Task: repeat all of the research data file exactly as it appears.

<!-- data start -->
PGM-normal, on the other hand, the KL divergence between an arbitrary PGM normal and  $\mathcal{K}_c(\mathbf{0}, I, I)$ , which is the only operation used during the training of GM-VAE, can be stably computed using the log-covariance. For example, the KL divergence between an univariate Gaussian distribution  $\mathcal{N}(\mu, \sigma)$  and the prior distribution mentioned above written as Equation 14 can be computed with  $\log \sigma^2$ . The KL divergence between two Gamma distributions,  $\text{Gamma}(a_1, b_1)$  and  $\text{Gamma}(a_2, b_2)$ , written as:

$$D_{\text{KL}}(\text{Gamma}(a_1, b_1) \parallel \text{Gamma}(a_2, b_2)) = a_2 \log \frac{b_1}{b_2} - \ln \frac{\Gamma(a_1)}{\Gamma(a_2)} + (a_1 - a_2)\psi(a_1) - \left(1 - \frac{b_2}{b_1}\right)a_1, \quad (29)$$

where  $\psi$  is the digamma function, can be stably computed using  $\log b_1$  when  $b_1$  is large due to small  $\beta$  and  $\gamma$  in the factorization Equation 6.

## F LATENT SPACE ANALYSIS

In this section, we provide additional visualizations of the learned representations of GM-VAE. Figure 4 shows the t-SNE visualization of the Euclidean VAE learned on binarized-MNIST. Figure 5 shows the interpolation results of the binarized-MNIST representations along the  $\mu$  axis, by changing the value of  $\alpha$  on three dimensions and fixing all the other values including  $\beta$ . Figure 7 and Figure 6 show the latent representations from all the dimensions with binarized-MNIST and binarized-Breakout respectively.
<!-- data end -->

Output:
PGM-normal, on the other hand, the KL divergence between an arbitrary PGM normal and  $\mathcal{K}_c(\mathbf{0}, I, I)$ , which is the only operation used during the training of GM-VAE, can be stably computed using the log-covariance. For example, the KL divergence between an univariate Gaussian distribution  $\mathcal{N}(\mu, \sigma)$  and the prior distribution mentioned above written as Equation 14 can be computed with  $\log \sigma^2$ . The KL divergence between two Gamma distributions,  $\text{Gamma}(a_1, b_1)$  and  $\text{Gamma}(a_2, b_2)$ , written as:

$$D_{\text{KL}}(\text{Gamma}(a_1, b_1) \parallel \text{Gamma}(a_2, b_2)) = a_2 \log \frac{b_1}{b_2} - \ln \frac{\Gamma(a_1)}{\Gamma(a_2)} + (a_1 - a_2)\psi(a_1) - \left(1 - \frac{b_2}{b_1}\right)a_1, \quad (29)$$

where  $\psi$  is the digamma function, can be stably computed using  $\log b_1$  when  $b_1$  is large due to small  $\beta$  and  $\gamma$  in the factorization Equation 6.

## F LATENT SPACE ANALYSIS

In this section, we provide additional visualizations of the learned representations of GM-VAE. Figure 4 shows the t-SNE visualization of the Euclidean VAE learned on binarized-MNIST. Figure 5 shows the interpolation results of the binarized-MNIST representations along the  $\mu$  axis, by changing the value of  $\alpha$  on three dimensions and fixing all the other values including  $\beta$ . Figure 7 and Figure 6 show the latent representations from all the dimensions with binarized-MNIST and binarized-Breakout respectively.